While such a law should standardize reporting, it is still likely to fall short of the reforms needed to internalize the costs of malicious cyber threats. Two recommendations build upon it.
First, procurement policies for federal contractors and defense companies should be enhanced. The federal government has significant purchasing power, which it can leverage to improve cybersecurity best practices in the private sector by requiring contractors to maintain a baseline of cybersecurity precautions and performance. While the government should not be in the business of micro-managing, it is reasonable to set performance standards, particularly with defense companies, to ensure improvements across the contractor community. Since supply chains are inherently interconnected, a change in policy for defense companies could generate important ripple effects across other industries that lead to the adoption of new best practices.
Second, the U.S. government should maintain a secure national database of malicious cyber incidents for research. While several existing databases track data breaches and other malicious cyber incidents, the data are insufficient for serious research that can benefit U.S. businesses. Current data either omit firm names or overlook certain malicious cyber incidents, making it tough to build predictive models that relate malicious attacks with financial outcomes. The National Cyber Investigative Joint Task Force already has a strong record in working to “coordinate, integrate, and share information to support cyber threat investigations, supply and support intelligence analysis for community decision-makers, and provide value to other ongoing efforts in the fight against the cyber threat to the nation.” This successful interagency structure could provide a model for securely sharing data on malicious cyber incidents, including granular information about both the exposed firm and the attacker.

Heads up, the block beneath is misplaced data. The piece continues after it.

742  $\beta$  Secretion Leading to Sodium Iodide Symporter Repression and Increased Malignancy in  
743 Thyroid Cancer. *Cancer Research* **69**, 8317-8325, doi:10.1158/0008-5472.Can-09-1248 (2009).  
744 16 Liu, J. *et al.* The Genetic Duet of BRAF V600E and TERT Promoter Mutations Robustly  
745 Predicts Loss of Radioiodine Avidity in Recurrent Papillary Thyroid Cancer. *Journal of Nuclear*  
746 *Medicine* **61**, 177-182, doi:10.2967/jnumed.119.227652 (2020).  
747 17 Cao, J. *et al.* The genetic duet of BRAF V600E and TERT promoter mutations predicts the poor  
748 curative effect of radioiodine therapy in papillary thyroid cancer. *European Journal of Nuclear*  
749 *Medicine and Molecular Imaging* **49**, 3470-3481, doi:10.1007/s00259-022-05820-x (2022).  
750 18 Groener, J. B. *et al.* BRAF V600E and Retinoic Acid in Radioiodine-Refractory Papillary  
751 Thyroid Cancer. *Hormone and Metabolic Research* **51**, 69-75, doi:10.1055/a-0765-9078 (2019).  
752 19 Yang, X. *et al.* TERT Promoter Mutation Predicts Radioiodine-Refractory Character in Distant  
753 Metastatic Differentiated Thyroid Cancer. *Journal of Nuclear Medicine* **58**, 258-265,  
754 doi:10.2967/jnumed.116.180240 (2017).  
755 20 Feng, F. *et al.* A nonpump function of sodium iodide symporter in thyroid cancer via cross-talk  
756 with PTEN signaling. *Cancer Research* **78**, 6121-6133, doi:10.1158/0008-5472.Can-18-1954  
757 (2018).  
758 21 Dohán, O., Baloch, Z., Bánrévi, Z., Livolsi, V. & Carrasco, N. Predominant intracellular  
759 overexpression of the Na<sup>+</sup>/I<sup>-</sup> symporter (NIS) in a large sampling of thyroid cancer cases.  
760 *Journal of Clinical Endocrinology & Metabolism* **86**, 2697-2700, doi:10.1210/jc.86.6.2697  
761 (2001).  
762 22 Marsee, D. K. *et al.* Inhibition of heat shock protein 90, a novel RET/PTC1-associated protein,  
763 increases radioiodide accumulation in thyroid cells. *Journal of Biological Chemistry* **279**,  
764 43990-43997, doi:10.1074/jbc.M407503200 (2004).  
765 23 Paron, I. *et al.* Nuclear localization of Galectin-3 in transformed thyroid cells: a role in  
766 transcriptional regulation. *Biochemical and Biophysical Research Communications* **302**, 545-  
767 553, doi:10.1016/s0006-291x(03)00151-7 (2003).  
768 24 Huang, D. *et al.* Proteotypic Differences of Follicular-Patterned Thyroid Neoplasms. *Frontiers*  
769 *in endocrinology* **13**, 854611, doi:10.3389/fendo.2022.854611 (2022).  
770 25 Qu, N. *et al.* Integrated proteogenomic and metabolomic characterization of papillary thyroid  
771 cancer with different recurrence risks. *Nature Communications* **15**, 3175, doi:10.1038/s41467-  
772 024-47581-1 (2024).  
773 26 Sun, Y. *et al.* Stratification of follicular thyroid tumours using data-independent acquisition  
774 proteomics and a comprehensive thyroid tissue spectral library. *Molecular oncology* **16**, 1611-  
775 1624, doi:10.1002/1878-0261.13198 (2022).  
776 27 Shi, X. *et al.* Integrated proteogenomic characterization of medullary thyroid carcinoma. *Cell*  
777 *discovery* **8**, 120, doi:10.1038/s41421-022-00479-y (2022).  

Parts of the piece are excerpted from the version on the Foundation for Defense of Democracies website, together with three policy recommendations.